Interpreting Laboratory Tests

Elizabeth A. Warner and Arthur H. Herold

Chapter contents

The Concept of "Normal"

176

Glucose

191

Evaluating a Test's Performance Characteristics

177

Glycosylated Hemoglobin (Hemoglobin A1c)

192

Separating Diseased from Disease-Free Persons

177

Helicobacter pylori

192

Hepatitis Serology

192

Multiple Test Ordering

179

Human Immunodeficiency Virus

193

Considerations for Ordering Tests

179

Iron Studies

193

Albumin

180

Lipid Profile

194

Alkaline Phosphatase

180

Magnesium

195

Aminotransferases

180

Mononucleosis (Epstein-Barr Virus Infection)

195

Amylase and Lipase

181

Natriuretic Peptides (BNP and N-terminal pro-BNP)

196

Antinuclear Antibodies

181

Phosphorus

196

Bilirubin

182

Potassium

197

Blood Urea Nitrogen and Creatinine

183

Pregnancy Tests

197

Calcium

183

Prostate-Specific Antigen

197

Carcinoembryonic Antigen

183

Total Protein

198

Chloride

184

Rheumatoid Factor and Anti-Cyclic Citrullinated Peptide Antibodies

199

Coagulation Studies

185

Sodium

199

Cobalamin (Vitamin B12) and Folic Acid Deficiency

186

Streptococcal Testing

201

Complete Blood Count

186

Syphilis Testing

202

Carbon Dioxide or Bicarbonate

188

Thyroid Testing

202

C-Reactive Protein

189

Uric Acid

203

Erythrocyte Sedimentation Rate

189

Urine Drug Screens

203

Fecal Occult Blood Test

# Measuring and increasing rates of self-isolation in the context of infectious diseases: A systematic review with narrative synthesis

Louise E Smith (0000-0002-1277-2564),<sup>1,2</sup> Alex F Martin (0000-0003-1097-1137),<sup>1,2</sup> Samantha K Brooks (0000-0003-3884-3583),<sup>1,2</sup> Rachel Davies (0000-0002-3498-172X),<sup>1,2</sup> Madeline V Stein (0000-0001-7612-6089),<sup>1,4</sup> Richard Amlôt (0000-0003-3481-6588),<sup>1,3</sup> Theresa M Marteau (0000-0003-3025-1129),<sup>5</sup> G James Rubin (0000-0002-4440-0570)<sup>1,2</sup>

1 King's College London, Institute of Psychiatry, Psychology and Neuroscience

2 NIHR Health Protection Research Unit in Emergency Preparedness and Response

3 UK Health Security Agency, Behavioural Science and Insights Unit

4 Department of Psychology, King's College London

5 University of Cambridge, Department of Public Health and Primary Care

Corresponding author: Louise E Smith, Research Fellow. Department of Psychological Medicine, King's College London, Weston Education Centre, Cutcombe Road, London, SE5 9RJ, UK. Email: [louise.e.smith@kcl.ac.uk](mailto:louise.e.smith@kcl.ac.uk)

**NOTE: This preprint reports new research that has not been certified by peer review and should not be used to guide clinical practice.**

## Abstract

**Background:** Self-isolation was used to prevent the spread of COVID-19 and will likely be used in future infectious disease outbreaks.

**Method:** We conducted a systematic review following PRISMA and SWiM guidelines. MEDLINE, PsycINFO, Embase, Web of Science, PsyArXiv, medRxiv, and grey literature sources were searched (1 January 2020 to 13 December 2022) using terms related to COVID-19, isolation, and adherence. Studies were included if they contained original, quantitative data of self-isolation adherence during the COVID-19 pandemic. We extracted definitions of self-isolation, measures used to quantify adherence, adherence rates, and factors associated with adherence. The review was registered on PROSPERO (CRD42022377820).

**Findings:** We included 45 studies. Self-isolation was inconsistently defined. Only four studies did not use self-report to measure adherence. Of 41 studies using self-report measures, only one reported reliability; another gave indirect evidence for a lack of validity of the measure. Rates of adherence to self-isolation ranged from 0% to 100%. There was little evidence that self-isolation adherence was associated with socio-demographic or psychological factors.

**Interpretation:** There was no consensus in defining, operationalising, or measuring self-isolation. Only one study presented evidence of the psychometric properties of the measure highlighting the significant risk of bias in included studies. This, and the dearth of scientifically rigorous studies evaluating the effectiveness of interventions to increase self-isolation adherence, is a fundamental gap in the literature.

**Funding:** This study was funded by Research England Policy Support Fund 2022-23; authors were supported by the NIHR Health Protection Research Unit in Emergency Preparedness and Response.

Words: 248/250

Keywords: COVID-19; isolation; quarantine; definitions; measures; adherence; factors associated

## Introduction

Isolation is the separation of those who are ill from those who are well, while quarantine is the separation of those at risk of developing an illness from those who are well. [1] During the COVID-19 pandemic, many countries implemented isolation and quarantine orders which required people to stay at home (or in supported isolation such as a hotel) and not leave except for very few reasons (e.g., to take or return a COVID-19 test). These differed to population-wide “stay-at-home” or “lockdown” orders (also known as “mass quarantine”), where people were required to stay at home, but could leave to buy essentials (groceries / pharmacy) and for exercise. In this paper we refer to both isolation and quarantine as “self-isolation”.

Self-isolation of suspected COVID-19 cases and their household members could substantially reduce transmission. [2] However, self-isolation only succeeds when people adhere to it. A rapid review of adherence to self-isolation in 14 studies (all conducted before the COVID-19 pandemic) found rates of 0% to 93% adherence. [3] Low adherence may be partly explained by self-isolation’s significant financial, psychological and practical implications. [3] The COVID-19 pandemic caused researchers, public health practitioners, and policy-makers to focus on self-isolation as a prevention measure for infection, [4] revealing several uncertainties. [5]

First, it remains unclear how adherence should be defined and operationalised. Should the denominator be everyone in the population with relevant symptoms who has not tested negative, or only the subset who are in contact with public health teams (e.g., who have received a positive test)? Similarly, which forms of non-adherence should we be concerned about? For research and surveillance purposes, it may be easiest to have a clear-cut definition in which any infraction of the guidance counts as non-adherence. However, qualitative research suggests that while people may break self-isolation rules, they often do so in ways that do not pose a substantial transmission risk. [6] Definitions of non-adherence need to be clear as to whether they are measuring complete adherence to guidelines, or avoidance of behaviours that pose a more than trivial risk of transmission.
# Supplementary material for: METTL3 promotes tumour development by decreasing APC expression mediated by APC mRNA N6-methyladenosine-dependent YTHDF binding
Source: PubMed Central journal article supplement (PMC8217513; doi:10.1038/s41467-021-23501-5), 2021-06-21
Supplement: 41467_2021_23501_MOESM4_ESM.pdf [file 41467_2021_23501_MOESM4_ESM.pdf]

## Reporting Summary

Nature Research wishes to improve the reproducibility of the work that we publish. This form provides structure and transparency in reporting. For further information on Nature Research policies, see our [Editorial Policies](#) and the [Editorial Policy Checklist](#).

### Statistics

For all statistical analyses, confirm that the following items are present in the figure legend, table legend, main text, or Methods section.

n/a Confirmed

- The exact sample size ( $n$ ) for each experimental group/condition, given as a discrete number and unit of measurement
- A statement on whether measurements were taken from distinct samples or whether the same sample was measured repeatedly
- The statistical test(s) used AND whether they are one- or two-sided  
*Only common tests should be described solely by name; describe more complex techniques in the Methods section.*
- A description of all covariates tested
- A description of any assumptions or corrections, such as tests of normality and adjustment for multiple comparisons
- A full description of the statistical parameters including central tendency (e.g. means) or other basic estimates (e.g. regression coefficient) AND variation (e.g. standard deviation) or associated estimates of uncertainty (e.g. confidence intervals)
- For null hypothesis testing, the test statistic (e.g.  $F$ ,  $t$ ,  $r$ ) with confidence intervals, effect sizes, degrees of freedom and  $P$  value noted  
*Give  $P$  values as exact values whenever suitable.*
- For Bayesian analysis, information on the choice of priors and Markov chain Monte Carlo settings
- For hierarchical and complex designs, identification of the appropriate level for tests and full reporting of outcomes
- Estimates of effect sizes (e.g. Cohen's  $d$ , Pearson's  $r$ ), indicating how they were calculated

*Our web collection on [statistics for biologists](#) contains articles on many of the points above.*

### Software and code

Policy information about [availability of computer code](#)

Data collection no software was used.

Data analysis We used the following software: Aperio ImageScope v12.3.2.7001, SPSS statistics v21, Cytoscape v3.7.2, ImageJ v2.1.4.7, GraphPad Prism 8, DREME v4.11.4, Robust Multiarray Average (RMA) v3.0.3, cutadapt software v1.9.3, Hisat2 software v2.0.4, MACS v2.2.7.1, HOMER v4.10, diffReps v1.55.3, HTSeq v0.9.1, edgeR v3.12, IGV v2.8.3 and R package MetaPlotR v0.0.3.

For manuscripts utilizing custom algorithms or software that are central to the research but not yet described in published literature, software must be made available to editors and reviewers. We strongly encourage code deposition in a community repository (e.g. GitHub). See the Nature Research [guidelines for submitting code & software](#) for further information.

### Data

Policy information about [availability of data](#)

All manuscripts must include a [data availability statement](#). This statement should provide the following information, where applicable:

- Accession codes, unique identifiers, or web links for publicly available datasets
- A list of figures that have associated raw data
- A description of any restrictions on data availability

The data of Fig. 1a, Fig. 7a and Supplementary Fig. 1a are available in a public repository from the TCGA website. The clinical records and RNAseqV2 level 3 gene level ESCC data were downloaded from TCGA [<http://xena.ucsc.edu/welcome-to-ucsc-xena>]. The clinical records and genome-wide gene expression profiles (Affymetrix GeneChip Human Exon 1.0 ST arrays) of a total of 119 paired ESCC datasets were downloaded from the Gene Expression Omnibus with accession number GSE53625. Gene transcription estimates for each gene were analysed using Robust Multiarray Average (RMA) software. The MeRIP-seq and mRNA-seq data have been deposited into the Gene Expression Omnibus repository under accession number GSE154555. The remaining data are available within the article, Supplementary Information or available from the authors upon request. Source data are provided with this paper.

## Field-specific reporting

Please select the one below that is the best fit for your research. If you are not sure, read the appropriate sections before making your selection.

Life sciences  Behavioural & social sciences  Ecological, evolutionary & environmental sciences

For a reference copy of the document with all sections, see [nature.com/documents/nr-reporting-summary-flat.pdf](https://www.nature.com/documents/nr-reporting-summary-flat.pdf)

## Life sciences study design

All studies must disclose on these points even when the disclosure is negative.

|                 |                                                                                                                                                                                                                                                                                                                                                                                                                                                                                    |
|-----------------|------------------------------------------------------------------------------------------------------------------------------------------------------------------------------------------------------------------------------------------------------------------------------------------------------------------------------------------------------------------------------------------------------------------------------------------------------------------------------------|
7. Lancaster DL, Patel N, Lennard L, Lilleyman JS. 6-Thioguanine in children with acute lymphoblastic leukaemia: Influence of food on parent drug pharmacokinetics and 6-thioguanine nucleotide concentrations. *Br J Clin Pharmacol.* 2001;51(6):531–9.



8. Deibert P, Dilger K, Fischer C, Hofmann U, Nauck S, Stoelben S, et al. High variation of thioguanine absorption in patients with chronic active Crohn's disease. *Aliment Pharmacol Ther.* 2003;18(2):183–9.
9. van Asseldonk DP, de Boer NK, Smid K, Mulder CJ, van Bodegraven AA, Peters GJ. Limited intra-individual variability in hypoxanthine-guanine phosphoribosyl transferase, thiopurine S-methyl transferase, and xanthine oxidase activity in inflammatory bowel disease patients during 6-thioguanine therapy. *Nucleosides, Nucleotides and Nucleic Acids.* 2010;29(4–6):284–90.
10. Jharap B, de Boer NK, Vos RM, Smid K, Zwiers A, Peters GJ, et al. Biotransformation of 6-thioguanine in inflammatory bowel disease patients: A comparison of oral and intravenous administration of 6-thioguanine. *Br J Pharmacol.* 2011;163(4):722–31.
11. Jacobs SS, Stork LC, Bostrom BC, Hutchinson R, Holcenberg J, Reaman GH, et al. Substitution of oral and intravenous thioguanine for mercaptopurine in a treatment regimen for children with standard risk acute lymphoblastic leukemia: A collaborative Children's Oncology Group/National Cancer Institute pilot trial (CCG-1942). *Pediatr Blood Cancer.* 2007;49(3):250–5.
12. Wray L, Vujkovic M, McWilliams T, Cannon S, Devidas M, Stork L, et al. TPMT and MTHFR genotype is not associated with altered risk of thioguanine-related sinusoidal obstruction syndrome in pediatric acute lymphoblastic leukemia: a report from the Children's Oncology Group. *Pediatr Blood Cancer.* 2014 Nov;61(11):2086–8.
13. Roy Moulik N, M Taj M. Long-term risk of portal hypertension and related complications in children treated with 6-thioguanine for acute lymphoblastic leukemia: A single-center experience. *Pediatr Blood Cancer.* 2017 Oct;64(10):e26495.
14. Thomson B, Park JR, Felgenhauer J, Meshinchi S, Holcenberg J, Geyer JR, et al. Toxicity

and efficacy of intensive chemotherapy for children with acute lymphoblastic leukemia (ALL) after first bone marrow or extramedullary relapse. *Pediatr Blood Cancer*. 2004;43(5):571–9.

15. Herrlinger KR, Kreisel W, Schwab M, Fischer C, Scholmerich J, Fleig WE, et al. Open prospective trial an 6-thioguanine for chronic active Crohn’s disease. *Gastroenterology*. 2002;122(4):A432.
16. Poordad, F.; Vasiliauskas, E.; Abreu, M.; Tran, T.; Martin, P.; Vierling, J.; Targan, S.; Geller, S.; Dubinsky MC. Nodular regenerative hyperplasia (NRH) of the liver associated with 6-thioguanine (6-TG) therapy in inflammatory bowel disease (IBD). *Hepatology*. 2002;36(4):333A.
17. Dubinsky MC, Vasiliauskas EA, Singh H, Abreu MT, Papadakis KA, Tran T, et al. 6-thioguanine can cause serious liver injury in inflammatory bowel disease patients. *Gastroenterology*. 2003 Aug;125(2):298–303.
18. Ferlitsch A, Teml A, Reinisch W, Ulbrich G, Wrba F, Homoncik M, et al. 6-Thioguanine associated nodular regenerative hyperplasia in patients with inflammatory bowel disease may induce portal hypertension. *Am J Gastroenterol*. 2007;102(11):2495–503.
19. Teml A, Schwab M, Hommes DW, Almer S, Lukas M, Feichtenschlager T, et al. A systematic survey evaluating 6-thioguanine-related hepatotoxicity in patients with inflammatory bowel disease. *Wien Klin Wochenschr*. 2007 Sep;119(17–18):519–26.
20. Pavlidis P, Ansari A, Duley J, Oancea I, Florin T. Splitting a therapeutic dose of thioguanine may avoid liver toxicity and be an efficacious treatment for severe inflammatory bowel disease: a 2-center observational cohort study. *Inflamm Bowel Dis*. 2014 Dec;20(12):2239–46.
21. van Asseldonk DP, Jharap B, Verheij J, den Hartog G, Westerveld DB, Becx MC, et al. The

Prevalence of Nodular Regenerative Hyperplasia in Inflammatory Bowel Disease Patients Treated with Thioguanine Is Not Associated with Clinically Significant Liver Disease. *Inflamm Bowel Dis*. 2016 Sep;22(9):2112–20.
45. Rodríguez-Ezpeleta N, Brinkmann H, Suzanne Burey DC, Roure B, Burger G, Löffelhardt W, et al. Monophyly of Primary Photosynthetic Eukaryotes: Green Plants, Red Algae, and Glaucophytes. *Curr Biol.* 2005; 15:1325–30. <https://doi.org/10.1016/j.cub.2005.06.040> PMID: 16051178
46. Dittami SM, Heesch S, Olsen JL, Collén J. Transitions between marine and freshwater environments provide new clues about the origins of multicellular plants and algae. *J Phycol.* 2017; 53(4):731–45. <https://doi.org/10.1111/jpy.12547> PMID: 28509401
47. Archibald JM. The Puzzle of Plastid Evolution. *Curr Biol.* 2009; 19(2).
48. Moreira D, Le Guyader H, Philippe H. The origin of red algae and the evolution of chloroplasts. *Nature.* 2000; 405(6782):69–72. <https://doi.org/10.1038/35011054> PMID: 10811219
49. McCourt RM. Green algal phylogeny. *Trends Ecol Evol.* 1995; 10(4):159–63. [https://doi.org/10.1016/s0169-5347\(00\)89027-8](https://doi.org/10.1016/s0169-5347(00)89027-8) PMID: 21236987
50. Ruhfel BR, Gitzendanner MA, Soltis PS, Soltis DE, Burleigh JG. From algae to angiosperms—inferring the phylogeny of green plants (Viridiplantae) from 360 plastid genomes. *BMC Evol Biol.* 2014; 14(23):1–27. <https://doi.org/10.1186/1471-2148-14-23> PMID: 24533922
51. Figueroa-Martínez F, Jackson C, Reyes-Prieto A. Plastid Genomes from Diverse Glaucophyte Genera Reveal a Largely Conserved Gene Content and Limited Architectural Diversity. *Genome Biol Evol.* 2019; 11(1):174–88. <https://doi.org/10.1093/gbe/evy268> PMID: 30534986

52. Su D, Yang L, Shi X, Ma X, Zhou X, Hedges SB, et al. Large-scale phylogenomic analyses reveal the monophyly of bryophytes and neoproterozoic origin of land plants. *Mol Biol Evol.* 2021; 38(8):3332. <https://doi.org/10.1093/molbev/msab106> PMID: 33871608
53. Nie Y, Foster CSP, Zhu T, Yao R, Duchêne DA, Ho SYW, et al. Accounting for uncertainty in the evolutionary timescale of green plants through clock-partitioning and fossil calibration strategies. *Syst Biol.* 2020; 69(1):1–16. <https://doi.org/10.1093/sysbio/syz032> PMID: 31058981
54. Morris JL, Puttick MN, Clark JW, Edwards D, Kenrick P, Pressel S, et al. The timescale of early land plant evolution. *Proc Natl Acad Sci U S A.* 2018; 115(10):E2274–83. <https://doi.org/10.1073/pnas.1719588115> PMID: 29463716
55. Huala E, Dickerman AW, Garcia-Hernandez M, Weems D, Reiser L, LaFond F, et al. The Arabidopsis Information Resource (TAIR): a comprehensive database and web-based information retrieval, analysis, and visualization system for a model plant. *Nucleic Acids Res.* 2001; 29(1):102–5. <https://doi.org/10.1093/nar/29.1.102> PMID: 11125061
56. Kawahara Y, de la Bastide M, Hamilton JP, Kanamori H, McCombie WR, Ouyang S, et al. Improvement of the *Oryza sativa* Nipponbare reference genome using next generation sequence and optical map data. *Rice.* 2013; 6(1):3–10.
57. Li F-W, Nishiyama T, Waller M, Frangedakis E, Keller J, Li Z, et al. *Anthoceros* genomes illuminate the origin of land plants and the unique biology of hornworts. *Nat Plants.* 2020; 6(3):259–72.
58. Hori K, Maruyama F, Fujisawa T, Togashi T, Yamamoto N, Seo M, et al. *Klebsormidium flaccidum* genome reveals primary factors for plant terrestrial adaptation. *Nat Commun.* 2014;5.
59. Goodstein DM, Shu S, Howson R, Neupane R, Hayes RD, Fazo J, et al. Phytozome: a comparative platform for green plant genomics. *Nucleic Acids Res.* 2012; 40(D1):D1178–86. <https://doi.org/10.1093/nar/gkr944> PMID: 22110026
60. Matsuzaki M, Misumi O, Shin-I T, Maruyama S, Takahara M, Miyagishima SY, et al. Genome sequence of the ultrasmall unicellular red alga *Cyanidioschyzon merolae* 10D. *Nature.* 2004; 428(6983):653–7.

190

Vitamin D

204

The use of the clinical laboratory to evaluate patients for the presence or absence of disease transcends medical and surgical specialties. Physicians in all areas of medical practice are dependent on laboratory testing to arrive at a correct diagnosis. Because many factors increase the uncertainty associated with a test result, physicians need to understand the limitations of interpreting test results.

Clinical decision making using diagnostic laboratory testing is based on the assumption that a given test is accurate and precise. Diagnostic test accuracy is the ability of a test to distinguish patients with a disease from those who are disease free (Leeflang et al., 2008). Test accuracy is not necessarily fixed; accuracy may vary among patient populations and with different clinical conditions. Precision is a measure of the reproducibility of a test measurement when the same specimen is rechecked under the same circumstances. Sources of imprecision include biologic variability and analytic variability. Biologic variability is the variation in a test result in the same person at different times because of physiologic processes, constitutional factors, and extrinsic factors (McClatchey, 2002) (Table 15-1). Analytic variation refers to the variation in repeated tests on the same specimen and relates to analytic technique and specimen processing. With current technology, biologic variation plays a larger role than analytic variation in most laboratory tests.

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